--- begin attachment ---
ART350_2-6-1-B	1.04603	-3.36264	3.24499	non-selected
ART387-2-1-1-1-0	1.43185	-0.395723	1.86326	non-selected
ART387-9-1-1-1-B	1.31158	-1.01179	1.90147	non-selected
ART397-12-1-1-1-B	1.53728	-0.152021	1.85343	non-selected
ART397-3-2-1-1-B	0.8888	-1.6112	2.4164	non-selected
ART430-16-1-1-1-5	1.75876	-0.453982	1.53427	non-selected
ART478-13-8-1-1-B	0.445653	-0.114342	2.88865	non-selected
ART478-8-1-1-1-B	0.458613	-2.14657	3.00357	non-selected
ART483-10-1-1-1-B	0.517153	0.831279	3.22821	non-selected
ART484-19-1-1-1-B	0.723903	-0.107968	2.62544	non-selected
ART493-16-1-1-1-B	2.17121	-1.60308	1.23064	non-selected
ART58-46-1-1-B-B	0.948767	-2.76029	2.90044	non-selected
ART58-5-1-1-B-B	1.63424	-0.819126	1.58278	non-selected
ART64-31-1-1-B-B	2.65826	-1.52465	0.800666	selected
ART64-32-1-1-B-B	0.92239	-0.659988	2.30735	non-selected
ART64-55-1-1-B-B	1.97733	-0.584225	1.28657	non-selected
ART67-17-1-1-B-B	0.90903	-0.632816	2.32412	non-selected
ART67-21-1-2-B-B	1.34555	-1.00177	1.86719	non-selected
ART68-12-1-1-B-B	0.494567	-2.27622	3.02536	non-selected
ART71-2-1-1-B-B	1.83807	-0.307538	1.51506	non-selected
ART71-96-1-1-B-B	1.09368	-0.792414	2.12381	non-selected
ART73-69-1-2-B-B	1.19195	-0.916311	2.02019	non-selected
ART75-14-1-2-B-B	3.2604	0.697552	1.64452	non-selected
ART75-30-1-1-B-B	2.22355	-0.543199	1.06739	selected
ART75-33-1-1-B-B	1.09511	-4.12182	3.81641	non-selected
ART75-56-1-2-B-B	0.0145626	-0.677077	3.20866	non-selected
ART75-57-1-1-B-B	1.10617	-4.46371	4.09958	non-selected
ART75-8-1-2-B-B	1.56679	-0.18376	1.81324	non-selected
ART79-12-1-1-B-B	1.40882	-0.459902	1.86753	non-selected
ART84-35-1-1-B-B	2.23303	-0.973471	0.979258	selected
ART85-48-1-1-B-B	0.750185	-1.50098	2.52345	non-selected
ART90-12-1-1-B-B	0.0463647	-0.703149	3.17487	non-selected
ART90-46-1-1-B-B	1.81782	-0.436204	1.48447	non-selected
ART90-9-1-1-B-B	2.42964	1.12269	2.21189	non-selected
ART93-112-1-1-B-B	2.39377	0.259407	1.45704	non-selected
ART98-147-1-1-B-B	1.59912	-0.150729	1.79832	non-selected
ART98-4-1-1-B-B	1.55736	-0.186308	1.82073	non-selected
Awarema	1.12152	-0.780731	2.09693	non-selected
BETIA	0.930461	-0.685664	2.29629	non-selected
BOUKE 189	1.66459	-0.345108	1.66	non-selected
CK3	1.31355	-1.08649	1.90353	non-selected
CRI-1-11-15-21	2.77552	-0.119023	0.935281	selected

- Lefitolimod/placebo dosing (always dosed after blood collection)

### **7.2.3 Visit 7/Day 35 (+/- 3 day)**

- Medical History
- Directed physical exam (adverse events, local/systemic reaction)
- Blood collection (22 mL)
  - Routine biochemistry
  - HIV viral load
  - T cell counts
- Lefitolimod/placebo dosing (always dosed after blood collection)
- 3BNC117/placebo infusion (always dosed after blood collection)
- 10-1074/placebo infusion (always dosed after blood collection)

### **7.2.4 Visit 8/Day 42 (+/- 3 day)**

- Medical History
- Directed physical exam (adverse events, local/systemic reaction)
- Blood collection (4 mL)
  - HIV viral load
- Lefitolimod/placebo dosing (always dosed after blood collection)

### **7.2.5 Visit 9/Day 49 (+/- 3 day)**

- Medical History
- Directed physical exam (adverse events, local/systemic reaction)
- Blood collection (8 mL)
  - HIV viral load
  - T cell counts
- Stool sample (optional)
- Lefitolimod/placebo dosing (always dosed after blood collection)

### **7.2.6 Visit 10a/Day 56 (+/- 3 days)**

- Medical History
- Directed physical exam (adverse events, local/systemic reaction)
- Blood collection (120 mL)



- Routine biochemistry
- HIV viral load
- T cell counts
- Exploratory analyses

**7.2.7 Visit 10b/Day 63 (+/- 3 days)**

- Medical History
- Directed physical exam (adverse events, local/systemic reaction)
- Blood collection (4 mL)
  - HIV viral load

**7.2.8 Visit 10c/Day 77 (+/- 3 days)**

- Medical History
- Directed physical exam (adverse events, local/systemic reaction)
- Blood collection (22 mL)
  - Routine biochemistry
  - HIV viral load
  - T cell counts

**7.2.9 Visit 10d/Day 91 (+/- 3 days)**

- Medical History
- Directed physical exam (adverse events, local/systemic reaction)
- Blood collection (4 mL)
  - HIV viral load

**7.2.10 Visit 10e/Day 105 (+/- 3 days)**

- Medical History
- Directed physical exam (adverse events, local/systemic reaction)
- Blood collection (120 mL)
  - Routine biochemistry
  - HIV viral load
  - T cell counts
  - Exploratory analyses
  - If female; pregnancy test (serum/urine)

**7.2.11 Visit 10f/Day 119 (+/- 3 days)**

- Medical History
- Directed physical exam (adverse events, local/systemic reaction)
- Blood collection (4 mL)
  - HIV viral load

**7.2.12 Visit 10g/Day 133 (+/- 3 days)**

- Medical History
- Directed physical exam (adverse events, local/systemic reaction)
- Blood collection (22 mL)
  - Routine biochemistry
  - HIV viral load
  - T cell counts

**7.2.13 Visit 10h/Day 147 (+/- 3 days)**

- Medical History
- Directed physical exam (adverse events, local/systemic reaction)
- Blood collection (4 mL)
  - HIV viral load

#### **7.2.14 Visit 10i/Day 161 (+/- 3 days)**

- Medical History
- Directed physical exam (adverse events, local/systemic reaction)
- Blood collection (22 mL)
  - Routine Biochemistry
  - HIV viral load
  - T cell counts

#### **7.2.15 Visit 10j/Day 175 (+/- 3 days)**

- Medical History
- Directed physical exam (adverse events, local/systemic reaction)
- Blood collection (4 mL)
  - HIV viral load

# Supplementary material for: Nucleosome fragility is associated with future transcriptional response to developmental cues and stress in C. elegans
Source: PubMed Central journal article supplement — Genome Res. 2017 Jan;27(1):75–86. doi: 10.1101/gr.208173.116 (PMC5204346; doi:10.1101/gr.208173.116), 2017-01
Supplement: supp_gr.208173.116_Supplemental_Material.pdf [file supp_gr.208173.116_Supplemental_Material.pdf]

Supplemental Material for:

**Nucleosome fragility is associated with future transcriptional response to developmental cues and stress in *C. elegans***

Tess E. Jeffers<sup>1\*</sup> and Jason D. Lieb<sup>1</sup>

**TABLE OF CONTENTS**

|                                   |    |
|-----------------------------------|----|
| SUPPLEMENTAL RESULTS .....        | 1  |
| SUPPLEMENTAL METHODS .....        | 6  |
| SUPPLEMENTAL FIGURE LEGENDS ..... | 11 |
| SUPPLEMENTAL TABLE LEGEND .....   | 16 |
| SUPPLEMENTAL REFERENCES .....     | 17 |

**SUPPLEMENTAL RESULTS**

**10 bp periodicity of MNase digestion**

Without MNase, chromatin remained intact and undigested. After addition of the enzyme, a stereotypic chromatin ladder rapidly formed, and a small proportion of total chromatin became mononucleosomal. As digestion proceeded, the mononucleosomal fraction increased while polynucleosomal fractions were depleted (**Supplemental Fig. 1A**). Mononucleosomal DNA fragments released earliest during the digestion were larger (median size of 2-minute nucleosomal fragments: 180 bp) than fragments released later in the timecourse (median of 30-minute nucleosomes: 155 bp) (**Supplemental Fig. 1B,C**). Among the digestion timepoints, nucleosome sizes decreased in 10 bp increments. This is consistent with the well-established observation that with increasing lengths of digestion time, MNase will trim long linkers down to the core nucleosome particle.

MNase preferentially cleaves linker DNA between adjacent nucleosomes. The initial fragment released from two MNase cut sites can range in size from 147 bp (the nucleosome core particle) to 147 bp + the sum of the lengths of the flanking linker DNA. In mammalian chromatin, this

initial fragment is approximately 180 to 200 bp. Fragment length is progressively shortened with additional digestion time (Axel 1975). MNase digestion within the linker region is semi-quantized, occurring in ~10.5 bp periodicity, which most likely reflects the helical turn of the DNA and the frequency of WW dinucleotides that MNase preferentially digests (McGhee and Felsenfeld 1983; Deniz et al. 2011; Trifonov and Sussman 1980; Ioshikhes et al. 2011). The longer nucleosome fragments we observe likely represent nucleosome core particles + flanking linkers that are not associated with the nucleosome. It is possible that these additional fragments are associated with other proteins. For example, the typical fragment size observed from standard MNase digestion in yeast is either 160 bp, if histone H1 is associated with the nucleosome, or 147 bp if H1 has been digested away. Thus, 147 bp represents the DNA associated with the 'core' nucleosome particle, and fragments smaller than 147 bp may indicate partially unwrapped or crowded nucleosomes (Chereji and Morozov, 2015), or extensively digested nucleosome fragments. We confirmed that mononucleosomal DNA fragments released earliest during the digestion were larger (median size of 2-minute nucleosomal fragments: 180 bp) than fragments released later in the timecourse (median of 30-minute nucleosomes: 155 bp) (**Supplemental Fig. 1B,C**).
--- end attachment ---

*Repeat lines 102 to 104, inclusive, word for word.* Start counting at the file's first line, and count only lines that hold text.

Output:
**7.2.11 Visit 10f/Day 119 (+/- 3 days)**

- Medical History
- Directed physical exam (adverse events, local/systemic reaction)